On the back of a healthy recovery in travel demand, Virgin Australia is looking to lease another 10 Boeing 737-800 aircraft, with the first three to join the fleet this month. The leased planes are all former Virgin Australia aircraft returning to the airline. The Brisbane-based airline is also adding new routes, extending frequencies on existing routes, and hiring new employees. It’s a remarkable turnaround for an airline that just 12 months looked like going out of business.

On Thursday morning, Virgin Australia outlined its growth plans as the Australian domestic airline market continues to recover. The airline says it has “fast-tracked plans to acquire new aircraft, create more frontline jobs and grow its network to further support domestic tourism.”

More planes, more routes, and more people at Virgin Australia

By mid-year, Virgin Australia aims to be back to operating 80% of its pre-travel downturn capacity. Even with the additional 10 Boeings, it will be doing so with a substantially smaller fleet. But some adroit juggling of planes may help it get there. The airline says it remains committed to maintaining a market share consistent with its pre-downturn levels. That’s a clear shot across the bows of the Qantas Group who currently have a 70% domestic share.

After the first three Boeings land this month, the remaining seven planes will arrive over the next few months. Airbus A320s from Virgin Australia Regional Airlines (VARA) will also move across to the parent company and begin flying select routes such as Adelaide – Perth, Perth – Darwin, and Perth – Broome shortly. Further, under a wet-lease deal with Alliance Airlines, Fokker 100 aircraft will begin operating Virgin Australia services between Brisbane and Alice Springs and Brisbane and Mt Isa from Monday, April 19.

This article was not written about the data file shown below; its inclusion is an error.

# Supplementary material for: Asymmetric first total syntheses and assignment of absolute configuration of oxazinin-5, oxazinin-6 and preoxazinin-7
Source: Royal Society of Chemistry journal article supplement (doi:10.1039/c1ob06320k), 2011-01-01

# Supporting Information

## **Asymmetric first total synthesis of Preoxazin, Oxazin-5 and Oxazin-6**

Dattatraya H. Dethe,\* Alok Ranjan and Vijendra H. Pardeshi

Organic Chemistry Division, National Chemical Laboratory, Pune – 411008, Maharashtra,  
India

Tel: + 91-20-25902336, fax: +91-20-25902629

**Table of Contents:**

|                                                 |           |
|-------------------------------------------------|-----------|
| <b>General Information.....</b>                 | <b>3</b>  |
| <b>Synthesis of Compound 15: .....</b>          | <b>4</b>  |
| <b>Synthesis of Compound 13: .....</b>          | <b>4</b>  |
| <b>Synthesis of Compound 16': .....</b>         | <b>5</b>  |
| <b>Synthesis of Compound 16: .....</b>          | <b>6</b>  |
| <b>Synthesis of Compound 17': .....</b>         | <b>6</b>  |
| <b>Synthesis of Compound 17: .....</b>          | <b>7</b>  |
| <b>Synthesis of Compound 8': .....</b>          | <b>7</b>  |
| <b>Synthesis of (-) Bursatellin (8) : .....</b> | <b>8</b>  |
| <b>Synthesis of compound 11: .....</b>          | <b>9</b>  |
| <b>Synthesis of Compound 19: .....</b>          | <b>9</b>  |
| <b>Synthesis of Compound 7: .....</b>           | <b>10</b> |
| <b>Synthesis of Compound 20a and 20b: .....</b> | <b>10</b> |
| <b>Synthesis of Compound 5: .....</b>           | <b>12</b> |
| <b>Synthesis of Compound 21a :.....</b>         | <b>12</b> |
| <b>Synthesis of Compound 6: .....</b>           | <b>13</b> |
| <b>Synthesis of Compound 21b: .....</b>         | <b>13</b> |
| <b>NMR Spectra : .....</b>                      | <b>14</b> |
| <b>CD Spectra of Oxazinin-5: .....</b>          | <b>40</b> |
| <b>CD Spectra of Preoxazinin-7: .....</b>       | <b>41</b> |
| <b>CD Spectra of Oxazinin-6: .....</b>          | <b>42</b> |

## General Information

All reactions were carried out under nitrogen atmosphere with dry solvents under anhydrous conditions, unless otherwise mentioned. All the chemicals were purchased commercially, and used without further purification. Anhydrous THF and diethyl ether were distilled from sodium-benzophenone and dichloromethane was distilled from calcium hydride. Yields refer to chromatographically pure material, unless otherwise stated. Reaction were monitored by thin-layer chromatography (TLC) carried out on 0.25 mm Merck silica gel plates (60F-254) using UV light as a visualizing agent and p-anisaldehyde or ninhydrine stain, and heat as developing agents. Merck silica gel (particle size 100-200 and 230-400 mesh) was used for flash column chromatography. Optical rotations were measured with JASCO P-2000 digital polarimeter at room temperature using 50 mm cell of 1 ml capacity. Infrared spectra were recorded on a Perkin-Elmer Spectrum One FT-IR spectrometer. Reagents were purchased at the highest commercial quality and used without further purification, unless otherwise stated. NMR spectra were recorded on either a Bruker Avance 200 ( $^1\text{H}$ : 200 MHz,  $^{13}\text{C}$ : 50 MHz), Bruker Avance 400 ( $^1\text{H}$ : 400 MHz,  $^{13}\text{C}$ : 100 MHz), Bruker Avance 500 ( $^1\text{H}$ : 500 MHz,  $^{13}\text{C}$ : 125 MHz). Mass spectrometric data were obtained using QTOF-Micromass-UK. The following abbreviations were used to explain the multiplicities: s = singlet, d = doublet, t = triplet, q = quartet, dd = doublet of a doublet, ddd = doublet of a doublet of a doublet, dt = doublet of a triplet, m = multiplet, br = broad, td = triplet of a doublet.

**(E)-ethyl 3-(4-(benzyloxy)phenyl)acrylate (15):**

“More aircraft means more flying,” says Virgin Australia’s CEO, Jayne Hrdlicka. “We are building a strong and disciplined business.”

Right now, Virgin Australia is operating about 850 return flights a week across its network. The airline aims to add a further 220 return flights per week to its schedule by mid-year. New routes include Melbourne – Darwin and Melbourne – Hamilton Island. The airline will also extend seasonal services between Brisbane and Launceston and Melbourne and Ballina. Frequencies on key trunk routes are being lifted. The all-important Sydney – Melbourne route will see 25 return services a day by mid-June.

We’re hopeful that domestic border closures will soon be a thing of the past and are continuing to see positive signs of consumer recovery,” Ms Hrdlicka says.

Virgin Australia starts hiring again

In a further terrific piece of news, after making thousands of employees redundant last year, Virgin Australia is now back hiring people. More than 220 cabin crew return to the skies from the airline’s discontinued long-haul international, ATR regional, and Tigerair Australia operations.

We are thrilled to be able to welcome many of them back to Virgin Australia,” the airline’s CEO said today.

In addition, another 150 cabin crew positions will open up to former Virgin Australia and external candidates. However, Jayne Hrdlicka does say former employees are likely to have the edge.

With increased competition on several key trunk routes after Regional Express (Rex) began jet services recently, all eyes have been on how Virgin Australia responds. Today’s news suggests Virgin Australia is well-positioned to deal with competitive threats from any new upstart airline. Virgin Australia’s network expansion also comes on the same day that Qantas has announced its domestic services are also recovering nicely.

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